I wonder at times if we gay men deserve to get cheated on. Before you get all up in arms, let me tell you what happened to me. In May 2010, I was in the US, finishing up the last semester in my alma mater, and looking very much forward to flying back to Singapore to see my then-boyfriend again. Just one week before I was due to fly back, my ex decided to call it quits out of the blue, citing that he had no time for me beyond his new job and his family. Over MSN internet chat.
Naively, I believed my ex's reasoning. Despite seeing his pictures with his new beau on Facebook shortly after, I merely thought he found a replacement really quick. After all, I couldn't expect him to remain boyfriend-less for the rest of his life, could I? Only a year and a half later, 3000 km away in Taipei, did the light bulb in my head finally go off. A mutual friend told me that my ex had brought his beau to a dance club there, where the beau intimately addressed my ex as his lao gong ("hubby"). Something was wrong here. My ex didn't like such overtly sweet forms of address, so why would he allow it then? Thinking back about the suddenness of our break up, I realised – he must have gotten to know his new beau while I was away in the US. When I was about to fly back, he realised he could no longer play both sides towards his center, so he decided to ditch me in favour of the new guy.
"Pissed off" couldn't begin to describe how angry I was. No, I wasn't jealous of my ex's happiness. Neither was I so enamored that I couldn't let him go. I firmly believe that when love says it's time for it to go, nothing can make it stay. I was angry that after I helped dissuade him four or five times from taking his own life in his previous two years of despondent joblessness, he couldn't summon up enough courage to bid me a proper farewell. I was angry that I had to find out in such a roundabout way. Instead of telling me upfront and risking my wrath – would anyone not be angry under this circumstance – my cowardly ex took the easy way out. He knew he'd hurt me deeply by denying me closure, but he did it anyway so that he could avoid the pain of my censure. To this day, I still don't know the ‘real’ reason why we split.
I was so incensed, in fact, that I outed him that day on Facebook. Some of you would disagree with me for what I did. Perhaps you'd even condemn me. In fact, many of my friends had strongly disagreed with my action. One of them chided me for trying to ruin my ex, and lectured me on the importance of social reputation. Well, I don't know how he was raised, but my parents taught me that honesty and integrity are far more important than face. Once, I was even told that since I'm such a bitch anyway, I deserved to get dumped callously. Wow! Still others said that my ex's right to privacy outweighed what they saw as a serious violation borne out of a petty, personal need for vengeance.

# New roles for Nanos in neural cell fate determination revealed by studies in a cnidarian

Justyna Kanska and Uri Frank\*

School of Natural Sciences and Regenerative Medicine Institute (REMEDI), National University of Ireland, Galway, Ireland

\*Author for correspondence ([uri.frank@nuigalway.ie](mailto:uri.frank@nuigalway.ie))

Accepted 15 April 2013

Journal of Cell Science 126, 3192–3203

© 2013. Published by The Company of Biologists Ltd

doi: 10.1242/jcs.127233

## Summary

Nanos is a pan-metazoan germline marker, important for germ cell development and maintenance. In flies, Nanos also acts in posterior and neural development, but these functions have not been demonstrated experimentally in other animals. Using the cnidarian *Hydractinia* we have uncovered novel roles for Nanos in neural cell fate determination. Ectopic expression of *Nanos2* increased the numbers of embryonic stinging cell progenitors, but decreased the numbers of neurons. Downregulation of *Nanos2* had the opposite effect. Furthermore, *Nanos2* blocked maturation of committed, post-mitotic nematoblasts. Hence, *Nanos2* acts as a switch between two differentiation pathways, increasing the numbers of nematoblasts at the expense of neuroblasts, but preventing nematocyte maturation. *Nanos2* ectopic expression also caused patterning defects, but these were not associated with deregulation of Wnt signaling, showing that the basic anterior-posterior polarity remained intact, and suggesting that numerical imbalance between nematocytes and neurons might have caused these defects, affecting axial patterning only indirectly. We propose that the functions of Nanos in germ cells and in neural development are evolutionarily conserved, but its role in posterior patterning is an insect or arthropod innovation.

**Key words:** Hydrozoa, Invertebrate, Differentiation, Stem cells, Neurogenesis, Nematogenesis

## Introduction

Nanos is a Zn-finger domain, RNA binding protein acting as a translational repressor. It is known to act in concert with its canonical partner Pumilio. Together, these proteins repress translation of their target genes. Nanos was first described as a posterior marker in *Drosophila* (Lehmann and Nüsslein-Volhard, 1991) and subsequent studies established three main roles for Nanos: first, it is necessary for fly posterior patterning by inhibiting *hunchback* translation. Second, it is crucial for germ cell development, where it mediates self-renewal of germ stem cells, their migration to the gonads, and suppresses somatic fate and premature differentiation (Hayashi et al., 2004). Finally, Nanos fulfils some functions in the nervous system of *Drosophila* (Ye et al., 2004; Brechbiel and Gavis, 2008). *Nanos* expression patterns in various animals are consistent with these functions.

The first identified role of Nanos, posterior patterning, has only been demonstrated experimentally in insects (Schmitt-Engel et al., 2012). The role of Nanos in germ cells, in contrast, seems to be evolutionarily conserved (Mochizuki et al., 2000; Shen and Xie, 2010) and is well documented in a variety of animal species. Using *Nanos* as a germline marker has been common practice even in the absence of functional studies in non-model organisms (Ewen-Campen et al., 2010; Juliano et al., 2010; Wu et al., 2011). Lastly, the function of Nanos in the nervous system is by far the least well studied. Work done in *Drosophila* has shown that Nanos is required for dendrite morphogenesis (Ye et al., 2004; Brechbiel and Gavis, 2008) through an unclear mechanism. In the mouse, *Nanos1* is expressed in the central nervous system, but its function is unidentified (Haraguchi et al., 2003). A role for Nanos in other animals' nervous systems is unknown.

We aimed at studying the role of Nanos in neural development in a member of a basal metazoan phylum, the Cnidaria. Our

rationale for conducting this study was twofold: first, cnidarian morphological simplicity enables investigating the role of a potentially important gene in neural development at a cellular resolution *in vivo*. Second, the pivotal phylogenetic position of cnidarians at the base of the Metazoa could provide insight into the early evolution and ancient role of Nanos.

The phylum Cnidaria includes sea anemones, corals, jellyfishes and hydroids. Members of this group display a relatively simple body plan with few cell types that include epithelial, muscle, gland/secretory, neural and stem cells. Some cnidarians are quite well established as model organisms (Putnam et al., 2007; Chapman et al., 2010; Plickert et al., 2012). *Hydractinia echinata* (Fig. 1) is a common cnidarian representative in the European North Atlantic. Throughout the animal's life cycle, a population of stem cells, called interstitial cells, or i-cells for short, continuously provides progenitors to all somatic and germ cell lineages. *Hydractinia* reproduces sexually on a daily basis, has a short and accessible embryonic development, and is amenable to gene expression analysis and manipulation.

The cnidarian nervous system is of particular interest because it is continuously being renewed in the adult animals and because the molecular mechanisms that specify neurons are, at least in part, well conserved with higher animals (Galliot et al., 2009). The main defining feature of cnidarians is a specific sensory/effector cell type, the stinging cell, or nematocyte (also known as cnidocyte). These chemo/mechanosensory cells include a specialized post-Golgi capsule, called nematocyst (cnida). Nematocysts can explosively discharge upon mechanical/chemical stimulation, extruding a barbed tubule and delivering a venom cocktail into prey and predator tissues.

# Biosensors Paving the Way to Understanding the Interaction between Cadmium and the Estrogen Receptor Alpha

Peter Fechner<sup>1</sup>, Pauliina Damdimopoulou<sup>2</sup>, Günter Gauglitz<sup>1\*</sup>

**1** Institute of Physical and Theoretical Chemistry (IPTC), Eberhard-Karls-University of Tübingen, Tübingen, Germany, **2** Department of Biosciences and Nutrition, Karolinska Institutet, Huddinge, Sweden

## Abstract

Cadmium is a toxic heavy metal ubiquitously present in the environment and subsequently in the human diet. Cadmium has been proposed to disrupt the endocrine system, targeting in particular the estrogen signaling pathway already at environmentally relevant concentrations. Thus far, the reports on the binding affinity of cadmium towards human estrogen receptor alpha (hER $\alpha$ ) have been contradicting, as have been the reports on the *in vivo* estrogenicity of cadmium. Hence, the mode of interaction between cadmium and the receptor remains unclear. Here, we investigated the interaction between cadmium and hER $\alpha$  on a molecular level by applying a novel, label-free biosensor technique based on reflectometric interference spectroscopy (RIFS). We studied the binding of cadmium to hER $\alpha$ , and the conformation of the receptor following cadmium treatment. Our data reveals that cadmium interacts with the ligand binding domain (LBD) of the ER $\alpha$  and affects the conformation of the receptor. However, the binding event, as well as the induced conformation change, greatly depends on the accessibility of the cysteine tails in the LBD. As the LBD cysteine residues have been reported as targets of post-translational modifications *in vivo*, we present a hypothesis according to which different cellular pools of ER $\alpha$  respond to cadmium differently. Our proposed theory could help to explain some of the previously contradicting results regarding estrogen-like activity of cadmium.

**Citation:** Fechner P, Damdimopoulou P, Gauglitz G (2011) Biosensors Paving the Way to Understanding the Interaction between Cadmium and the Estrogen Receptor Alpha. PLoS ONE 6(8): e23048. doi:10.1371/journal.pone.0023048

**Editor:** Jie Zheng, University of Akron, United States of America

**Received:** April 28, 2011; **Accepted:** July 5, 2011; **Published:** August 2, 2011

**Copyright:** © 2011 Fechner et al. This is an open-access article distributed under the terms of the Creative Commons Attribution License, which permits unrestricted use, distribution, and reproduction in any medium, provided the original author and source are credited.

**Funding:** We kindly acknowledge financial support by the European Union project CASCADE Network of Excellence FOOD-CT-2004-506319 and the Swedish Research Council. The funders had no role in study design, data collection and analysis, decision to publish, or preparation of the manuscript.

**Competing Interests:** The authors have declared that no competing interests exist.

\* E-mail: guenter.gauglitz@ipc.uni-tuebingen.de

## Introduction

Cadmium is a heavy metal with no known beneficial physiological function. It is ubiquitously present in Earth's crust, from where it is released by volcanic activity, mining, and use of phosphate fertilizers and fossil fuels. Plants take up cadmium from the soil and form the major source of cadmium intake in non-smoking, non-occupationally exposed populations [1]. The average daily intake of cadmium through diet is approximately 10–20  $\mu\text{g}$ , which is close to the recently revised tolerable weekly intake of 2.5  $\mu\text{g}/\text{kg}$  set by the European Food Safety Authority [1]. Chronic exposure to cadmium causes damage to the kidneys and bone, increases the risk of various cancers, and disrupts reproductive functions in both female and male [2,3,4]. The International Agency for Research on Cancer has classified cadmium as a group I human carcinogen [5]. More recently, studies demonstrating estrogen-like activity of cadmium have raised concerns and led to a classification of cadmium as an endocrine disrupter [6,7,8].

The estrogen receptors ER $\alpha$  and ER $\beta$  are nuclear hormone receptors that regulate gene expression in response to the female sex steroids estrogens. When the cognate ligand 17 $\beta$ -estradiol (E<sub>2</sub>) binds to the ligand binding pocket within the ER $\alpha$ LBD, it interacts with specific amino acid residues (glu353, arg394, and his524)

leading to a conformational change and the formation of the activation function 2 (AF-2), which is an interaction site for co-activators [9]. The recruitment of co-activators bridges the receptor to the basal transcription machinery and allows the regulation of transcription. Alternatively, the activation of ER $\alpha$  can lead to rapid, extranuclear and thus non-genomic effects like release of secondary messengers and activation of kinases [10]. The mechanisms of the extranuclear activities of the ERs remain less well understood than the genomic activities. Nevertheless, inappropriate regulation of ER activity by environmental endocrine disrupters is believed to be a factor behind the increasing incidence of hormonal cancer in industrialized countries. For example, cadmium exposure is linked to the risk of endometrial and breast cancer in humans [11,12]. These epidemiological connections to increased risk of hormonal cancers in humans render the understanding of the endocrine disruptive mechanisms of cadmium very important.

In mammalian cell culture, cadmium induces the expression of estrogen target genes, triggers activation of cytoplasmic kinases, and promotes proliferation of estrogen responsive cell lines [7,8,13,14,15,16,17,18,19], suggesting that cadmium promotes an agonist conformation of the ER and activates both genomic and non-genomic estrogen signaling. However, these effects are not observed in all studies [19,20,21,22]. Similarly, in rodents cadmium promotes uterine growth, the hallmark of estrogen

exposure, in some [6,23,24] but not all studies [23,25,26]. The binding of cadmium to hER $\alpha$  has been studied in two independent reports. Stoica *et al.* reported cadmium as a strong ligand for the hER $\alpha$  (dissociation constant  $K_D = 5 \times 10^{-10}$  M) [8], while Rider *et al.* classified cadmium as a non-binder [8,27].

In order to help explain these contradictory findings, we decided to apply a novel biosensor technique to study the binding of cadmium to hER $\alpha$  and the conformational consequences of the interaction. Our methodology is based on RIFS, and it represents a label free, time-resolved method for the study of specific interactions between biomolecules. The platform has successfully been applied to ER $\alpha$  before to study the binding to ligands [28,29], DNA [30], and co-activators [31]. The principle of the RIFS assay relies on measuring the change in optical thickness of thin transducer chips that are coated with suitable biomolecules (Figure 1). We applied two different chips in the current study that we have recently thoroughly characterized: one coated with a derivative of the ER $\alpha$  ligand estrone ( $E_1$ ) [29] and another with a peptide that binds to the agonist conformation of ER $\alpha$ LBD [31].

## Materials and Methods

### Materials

But, in the words of the famous feminist activist Carol Hanisch, "the personal is political". In other words, I wonder if gay men's
tolerance implicit acceptance of cheating ultimately comes back and whacks us all in the head like some karmic boomerang. We know that cheating is morally wrong. I believe that the need and capacity to live in some kind of social group are biologically innate in all of us, as are the need and capacity for justice to maintain order in such communal living. Among married straight people, the betrayed party can – and often do – get back at the offender by filing for divorce, and suing for a substantially large portion of the shared property. It's limited, but it's still a deterrent.
But do gay men do anything about the cheaters in our midst? Very little, I'm afraid. In the end, my ex emerged scot-free, looking like an innocent victim in the face of his very angry ex-lover. I didn't know of anyone scolding him for his misbehaviour. Some of my friends even went on holidays with him and his new beau, despite knowing what a big jerk he is. Others must have seen the Facebook photos of him and his beau in the one and a half years it took me to realise what happened, but they were either as stupid and naive as I was (unlikely!), or they connected the dots but didn't bother to tell me about it. Why not? Perhaps, in witnessing my break up and its aftermath, a sense of gleeful schadenfreude took over. Why stop the enjoyable live drama? Everyone loves drama, no? More likely, they didn't want to bring trouble unto themselves. After all, they didn't get hurt, so why get involved in someone else's affairs? Not surprisingly, the most common piece of advice I received was to let it go and forget the whole thing.
Whatever the case may be, such neutrality hurts us all in the end. I'm certain that I'm not the only person who was cheated on, and could do little about it. Consequently, as a social grouping, we gay men become de-sensitised to the emotional hurt that cheaters bring. We also learn implicitly that we won't be censured for our misdeeds, that we can get away with it, nay, get rewarded for it, in fact. And so we continue to cheat, even though we know that it's wrong.
But here's the big question: if we can't dispense justice among ourselves, how can we expect justice from others? Are claims to innate human rights sufficient? Do we live in social vacuums where we can't be held accountable for our actions? Political solidarity comes out of us helping each other in everyday life. You help me reprimand my ex, I treat you more as a friend and go more willingly to your next photo exhibition / volunteer session at the old folks' home / pro-gay public event. You scratch my back, I'll scratch yours. So, when we can't even govern our own affairs, how can we demand that society stop discriminating against us, to allow us to marry and all that?
Chris Tan is a 30-something Singaporean gay man who lives and teaches in China.
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